Hearing loss

Hearing loss is any degree of impairment of the ability to understand sound.A drop of more than 10 decibels (a unit measuring the loudness of sound) in what a person can hear is significant.

Hearing can be interrupted at many stages as sound waves pass through the airof the external ear, the bones of the middle ear, and the liquid of the inner ear. Hearing loss can also occur as hearing-related impulses are transmitted along the nerves to the brain, or within the brain, where the impulses may be misinterpreted.

The external ear canal can be blocked by ear wax, foreign objects, infection,and tumors. Overgrowth of bone, which occurs when the ear canal has been flushed with cold water repeatedly for years, can also narrow the passageway, making blockage and infection more likely. This condition occurs often in Northern California surfers and is therefore called "surfer's ear."

The ear drum is so thin a physician can see through it into the middle ear. Sharp objects, pressure from an infection in the middle ear, even a firm cuffing or slapping of the ear, can rupture it. It is also susceptible to pressurechanges during scuba diving.

Otitis media (an infection in the middle ear) occurs when fluid cannot escapeinto the throat because of blockage of the Eustachian tube. The pus or mucusaccumulates, dampening the motion of the small bones in the middle ear. A disease called otosclerosis can bind the bones, causing deafness.

Sensory hearing loss involves damage to the acoustic nerve, or to the Organ of Corti in the inner ear. The leading cause of sensory hearing loss is prolonged exposure to loud noise, often rock music or job-related noise. A third ofpeople over 65 have presbycusis--sensory hearing loss due to aging. Whetherinduced by noise or age, these conditions involve primarily the loss of high-frequency hearing. In most languages, it is the high-frequency sounds that define speech, so these people have trouble understanding speech over background noise. Brain infections like meningitis, drugs such as the aminoglycoside antibiotics (streptomycin, gentamycin, kanamycin, tobramycin), and Meniere's disease also cause permanent sensory hearing loss. Meniere's disease combines attacks of hearing loss with attacks of vertigo, a condition inwhich the person's surroundings seem to spin dizzily. These symptoms may occur together or separately. High doses of salicylates like aspirin and quininecan cause a temporary high-frequency loss. Prolonged high doses can lead topermanent deafness. Sensory deafness can also be caused by rubella (German measles). Sudden hearing loss--at least 30 decibels in less thanthree days--is most commonly caused by cochleitis, a viral infection.

Another category of hearing loss is neural. Damage to the acoustic nerve andthe parts of the brain involved in hearing are the most likely to produce permanent hearing loss. Strokes, multiple sclerosis, and tumors onthe acoustic nerve are all possible causes of neural hearing loss.

Hearing can also be diminished by extra sounds generated by the ear, most ofthem from the same kinds of disorders that cause diminished hearing. These sounds are referred to as tinnitus and can be ringing, blowing, clicking, or anything else that no one but the patient hears.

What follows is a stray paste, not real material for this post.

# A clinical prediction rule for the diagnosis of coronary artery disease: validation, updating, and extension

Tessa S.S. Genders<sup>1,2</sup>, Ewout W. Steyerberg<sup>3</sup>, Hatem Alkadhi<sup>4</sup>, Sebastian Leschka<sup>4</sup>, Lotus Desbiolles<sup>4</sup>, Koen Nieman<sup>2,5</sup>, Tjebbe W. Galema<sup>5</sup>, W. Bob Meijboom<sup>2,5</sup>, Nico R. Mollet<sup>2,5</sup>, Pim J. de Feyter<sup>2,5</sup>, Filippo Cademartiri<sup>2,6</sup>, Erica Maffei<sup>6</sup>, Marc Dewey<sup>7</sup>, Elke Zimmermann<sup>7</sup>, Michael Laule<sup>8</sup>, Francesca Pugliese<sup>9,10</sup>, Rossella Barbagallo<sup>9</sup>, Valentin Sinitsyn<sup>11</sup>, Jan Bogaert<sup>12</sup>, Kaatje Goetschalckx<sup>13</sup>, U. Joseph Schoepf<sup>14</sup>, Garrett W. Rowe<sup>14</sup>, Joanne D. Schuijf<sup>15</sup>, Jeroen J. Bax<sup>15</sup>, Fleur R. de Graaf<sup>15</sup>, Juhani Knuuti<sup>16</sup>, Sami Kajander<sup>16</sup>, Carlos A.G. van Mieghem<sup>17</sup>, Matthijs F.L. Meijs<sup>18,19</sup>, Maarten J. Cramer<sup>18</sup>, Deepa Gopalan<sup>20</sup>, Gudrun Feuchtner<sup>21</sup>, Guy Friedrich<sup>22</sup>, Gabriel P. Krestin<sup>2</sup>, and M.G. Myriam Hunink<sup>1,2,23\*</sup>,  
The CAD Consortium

An examination of the ears and nose combined with simple hearing tests done in the physician's office can detect many common causes of hearing loss. If the defect is in the brain or the acoustic nerve, further neurological testingand imaging will be needed.

Conductive hearing loss, involving an interruption in the transmission of sound waves, can almost always be restored to some degree, if not completely. Matter in the ear canal can be easily removed. Surfer's ear gradually improvesif cold water is avoided or a special ear plug is used. In advanced cases, surgeons can grind away the excess bone. Middle ear infection with fluid is also simple to treat. If medications do not work, surgical drainage of the ear is accomplished through the ear drum, which heals completely. Damaged ear drums can be repaired with a tiny skin graft. Surgical repair of otosclerosis through an operating microscope can substitute tiny artificial parts for original bones in the inner ear.

Sensory and neural hearing loss, on the other hand, cannot readily be cured.Fortunately it is not often complete, so that hearing aids can help correct the problem. In-the-ear hearing aids can boost sound volume by up to 70 decibels. (Normal speech is about 60 decibels.) Also available are bone-conductionhearing aids and devices that can be surgically implanted in the inner ear.

Tinnitus can sometimes be relieved by adding white noise (like the sound of wind or waves crashing on the shore) to the environment.

Decreased hearing is such a common problem that there are legions of organizations to provide assistance. Special language training, both in lip reading and signing, special schools and camps for children are widely available.

Hearing loss may be helped by homeopathic therapies, and oral doses of essential fatty acids such as flax oil and omega 3 oil can help alleviate the accumulation of wax in the ear.

Prompt treatment and attentive follow-up of middle-ear infections in childrenwill prevent this cause of hearing loss. Control of infectious childhood diseases such as measles has greatly reduced sensory hearing loss as a complication of epidemic diseases. Laws that require protection from loud noise in theworkplace have achieved substantial reduction in noise induced hearing loss.Surfers should use the right kind of ear plugs.

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